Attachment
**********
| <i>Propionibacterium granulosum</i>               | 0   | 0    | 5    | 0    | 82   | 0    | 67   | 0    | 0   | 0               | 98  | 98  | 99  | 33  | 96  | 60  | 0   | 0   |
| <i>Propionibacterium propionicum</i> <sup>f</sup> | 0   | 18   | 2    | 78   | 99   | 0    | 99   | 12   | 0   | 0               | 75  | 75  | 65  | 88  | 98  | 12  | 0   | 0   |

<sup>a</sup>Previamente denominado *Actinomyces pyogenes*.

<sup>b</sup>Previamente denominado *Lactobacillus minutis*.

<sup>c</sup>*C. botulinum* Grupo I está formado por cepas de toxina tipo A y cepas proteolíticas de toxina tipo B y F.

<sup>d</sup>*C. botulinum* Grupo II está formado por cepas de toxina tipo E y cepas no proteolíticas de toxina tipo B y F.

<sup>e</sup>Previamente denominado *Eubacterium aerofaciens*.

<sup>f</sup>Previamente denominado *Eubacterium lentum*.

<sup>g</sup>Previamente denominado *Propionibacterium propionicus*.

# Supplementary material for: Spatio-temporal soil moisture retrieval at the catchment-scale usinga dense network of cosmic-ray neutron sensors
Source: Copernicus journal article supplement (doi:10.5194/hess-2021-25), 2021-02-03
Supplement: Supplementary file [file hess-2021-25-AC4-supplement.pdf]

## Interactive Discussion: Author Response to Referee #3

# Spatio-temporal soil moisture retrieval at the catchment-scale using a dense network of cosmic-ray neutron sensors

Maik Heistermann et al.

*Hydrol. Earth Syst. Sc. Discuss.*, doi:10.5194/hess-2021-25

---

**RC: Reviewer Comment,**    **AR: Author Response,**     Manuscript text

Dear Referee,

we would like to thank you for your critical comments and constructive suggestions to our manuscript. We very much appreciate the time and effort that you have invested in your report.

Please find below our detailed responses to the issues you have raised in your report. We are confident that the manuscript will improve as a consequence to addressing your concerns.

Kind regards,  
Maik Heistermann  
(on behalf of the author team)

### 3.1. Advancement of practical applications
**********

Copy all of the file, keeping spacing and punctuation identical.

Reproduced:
| <i>Propionibacterium granulosum</i>               | 0   | 0    | 5    | 0    | 82   | 0    | 67   | 0    | 0   | 0               | 98  | 98  | 99  | 33  | 96  | 60  | 0   | 0   |
| <i>Propionibacterium propionicum</i> <sup>f</sup> | 0   | 18   | 2    | 78   | 99   | 0    | 99   | 12   | 0   | 0               | 75  | 75  | 65  | 88  | 98  | 12  | 0   | 0   |

<sup>a</sup>Previamente denominado *Actinomyces pyogenes*.

<sup>b</sup>Previamente denominado *Lactobacillus minutis*.

<sup>c</sup>*C. botulinum* Grupo I está formado por cepas de toxina tipo A y cepas proteolíticas de toxina tipo B y F.

<sup>d</sup>*C. botulinum* Grupo II está formado por cepas de toxina tipo E y cepas no proteolíticas de toxina tipo B y F.

<sup>e</sup>Previamente denominado *Eubacterium aerofaciens*.

<sup>f</sup>Previamente denominado *Eubacterium lentum*.

<sup>g</sup>Previamente denominado *Propionibacterium propionicus*.

# Supplementary material for: Spatio-temporal soil moisture retrieval at the catchment-scale usinga dense network of cosmic-ray neutron sensors
Source: Copernicus journal article supplement (doi:10.5194/hess-2021-25), 2021-02-03
Supplement: Supplementary file [file hess-2021-25-AC4-supplement.pdf]

## Interactive Discussion: Author Response to Referee #3

# Spatio-temporal soil moisture retrieval at the catchment-scale using a dense network of cosmic-ray neutron sensors

Maik Heistermann et al.

*Hydrol. Earth Syst. Sc. Discuss.*, doi:10.5194/hess-2021-25

---

**RC: Reviewer Comment,**    **AR: Author Response,**     Manuscript text

Dear Referee,

we would like to thank you for your critical comments and constructive suggestions to our manuscript. We very much appreciate the time and effort that you have invested in your report.

Please find below our detailed responses to the issues you have raised in your report. We are confident that the manuscript will improve as a consequence to addressing your concerns.

Kind regards,  
Maik Heistermann  
(on behalf of the author team)

### 3.1. Advancement of practical applications